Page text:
As one can gauge from the title, the film primarily revolves around "Me", i.e.. Richard. It is HIS story told through HIS eyes. Therefore, whatever criticism of the film that it has received about it not dealing with Orson Welles is frankly silly. It's not about Welles, it's about Me.

As Richard, Efron brings a natural charm to this guy. He's not a wide-eyed innocent but a bit of a schemer. He schemes his way into getting Welles' attention. He schemes his way into going out with Sonja. He successfully saves his job after causing an accident inside the theater. Efron certainly is making the transition from teen idol to maturing actor. Yes, he does sing in Me and Orson Welles, but it is relevant to the plot. My only complaint about Efron is an odd one: even though he's only 22 he looked too OLD to play a 17-year-old.

The truly great performance is McKay's. He sounded exactly like Welles, never sounding like a parody or like The Brain from Pinky and the Brain. His Welles is a raging egomaniac with the talent to back it up, a man who thrives on chaos and who will not compromise in his vision and not allow anyone to get in his way, either in his artistic or private life.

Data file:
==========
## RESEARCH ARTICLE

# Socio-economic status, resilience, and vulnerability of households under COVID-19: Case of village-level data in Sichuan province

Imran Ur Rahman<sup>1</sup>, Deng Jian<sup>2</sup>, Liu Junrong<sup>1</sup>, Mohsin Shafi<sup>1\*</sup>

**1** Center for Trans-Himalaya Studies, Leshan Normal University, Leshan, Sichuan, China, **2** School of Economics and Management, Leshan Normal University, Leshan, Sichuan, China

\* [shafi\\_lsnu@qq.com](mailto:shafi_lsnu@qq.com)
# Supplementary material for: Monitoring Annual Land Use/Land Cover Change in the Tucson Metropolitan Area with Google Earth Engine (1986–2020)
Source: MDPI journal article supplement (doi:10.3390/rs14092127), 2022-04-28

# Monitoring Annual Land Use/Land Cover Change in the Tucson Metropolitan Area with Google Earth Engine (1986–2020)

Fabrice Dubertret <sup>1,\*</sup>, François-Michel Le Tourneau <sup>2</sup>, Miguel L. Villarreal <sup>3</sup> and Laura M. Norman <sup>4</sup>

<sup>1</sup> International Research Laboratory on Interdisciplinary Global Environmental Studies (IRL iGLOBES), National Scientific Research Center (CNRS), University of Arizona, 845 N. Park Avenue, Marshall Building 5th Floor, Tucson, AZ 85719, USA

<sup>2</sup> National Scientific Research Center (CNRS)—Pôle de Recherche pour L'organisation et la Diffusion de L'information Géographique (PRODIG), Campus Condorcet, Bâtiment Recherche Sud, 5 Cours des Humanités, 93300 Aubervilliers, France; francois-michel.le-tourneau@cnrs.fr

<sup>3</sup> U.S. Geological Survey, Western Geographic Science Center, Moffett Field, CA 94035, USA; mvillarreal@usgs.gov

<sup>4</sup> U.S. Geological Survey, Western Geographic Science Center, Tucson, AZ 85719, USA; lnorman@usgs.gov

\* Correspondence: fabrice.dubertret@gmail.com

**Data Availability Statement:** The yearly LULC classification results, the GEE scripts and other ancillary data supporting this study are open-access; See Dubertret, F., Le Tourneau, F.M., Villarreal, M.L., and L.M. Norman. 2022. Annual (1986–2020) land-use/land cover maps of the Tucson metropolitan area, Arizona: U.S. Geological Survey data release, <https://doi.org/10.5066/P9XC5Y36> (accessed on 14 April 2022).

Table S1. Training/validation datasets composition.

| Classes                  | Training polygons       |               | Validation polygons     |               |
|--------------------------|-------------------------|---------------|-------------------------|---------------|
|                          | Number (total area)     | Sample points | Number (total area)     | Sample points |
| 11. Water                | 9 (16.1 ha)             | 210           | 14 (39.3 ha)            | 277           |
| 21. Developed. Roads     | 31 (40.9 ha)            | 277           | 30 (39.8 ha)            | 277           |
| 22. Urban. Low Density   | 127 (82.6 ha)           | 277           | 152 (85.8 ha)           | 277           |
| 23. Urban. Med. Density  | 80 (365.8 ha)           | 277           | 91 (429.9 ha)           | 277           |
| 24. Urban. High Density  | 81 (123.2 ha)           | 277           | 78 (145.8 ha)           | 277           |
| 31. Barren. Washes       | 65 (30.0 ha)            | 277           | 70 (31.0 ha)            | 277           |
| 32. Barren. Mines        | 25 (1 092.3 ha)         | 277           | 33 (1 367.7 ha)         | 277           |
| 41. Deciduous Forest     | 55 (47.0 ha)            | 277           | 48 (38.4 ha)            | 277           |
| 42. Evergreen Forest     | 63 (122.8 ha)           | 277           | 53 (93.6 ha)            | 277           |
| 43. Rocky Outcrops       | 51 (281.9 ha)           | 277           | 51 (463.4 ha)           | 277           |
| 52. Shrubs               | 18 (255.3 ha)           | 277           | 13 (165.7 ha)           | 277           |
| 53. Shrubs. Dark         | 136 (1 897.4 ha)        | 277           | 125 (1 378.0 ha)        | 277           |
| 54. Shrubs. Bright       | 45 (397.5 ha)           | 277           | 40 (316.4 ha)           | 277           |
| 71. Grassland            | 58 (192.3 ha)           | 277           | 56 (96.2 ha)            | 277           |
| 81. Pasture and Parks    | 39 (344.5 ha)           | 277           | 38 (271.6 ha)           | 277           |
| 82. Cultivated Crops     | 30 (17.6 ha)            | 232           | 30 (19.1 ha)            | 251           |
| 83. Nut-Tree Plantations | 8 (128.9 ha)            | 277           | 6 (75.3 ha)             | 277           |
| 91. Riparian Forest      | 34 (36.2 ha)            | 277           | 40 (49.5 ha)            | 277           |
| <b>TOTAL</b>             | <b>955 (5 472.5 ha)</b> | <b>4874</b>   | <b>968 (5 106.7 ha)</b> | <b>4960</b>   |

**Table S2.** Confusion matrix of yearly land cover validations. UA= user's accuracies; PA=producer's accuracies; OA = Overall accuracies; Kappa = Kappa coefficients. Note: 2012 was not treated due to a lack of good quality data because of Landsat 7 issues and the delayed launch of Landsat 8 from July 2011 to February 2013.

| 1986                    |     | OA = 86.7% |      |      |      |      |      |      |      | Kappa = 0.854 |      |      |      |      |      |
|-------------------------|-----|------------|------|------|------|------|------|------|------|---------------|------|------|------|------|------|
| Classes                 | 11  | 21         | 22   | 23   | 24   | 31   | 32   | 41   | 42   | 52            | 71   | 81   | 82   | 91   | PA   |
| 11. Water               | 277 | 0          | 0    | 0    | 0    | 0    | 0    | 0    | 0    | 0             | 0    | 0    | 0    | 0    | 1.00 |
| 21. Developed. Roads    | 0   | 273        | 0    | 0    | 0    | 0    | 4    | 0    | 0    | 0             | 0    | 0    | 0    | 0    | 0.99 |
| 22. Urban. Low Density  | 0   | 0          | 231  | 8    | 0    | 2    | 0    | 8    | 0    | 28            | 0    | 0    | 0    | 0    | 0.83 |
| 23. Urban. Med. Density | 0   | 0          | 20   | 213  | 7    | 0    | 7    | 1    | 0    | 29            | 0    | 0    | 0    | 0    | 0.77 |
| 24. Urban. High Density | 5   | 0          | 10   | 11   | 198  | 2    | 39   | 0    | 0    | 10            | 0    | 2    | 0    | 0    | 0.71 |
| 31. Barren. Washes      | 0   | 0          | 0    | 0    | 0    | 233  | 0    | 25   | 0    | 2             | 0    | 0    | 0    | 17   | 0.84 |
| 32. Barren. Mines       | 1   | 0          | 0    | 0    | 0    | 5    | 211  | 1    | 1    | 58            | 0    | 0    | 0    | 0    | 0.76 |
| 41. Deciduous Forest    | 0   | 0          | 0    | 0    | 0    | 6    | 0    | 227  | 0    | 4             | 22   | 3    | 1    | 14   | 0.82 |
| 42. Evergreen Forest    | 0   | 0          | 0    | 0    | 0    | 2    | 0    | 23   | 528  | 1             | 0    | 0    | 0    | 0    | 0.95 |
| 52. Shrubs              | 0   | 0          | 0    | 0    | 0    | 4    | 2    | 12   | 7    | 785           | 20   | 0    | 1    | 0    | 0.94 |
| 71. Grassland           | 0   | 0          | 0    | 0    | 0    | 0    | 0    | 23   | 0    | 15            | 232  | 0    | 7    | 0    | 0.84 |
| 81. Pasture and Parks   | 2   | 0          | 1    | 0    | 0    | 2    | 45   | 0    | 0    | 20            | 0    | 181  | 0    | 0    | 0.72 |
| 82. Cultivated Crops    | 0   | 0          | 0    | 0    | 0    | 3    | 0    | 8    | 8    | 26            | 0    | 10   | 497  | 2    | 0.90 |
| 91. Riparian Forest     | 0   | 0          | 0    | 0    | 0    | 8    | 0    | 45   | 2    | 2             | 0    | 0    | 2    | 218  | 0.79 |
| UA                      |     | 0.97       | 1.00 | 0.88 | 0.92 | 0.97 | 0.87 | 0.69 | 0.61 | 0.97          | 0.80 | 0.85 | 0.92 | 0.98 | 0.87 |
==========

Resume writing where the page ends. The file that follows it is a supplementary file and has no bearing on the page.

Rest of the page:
It isn't all raging though. There is a scene in the ambulance when he's being driven to another radio job when Welles lets his guard down slightly, to reveal memories of his past. It's at the radio show where Welles shows his enormous talent, adlibbing a beautiful speech unrehearsed and then going back on script as if everything were planned.

We also mustn't ignore other performances. Claire Danes is virtually unrecognizable as Sonja, who is cheerful on the exterior but who masks a burning, passionate desire to move ahead. She'll do anything to meet David O. Selznick, and yes, I mean anything. Whether she truly loves Richard or sees him as a distraction is open to conjecture. James Tupper, like Christian McKay's Orson Welles, is a dead ringer for Joseph Cotten--I was amazed at how much they look alike. His Cotten is one who loves the ladies and is devoted to his acting. Ben Chaplin made George Coulouris into a bit of a comic character, slightly contemptuous of all the proceedings but at the premiere having major, MAJOR stage fright to where he is on the verge of collapse. Leo Bill as Norman Lloyd makes his the comedy relief, and whether Lloyd in real life was we don't know.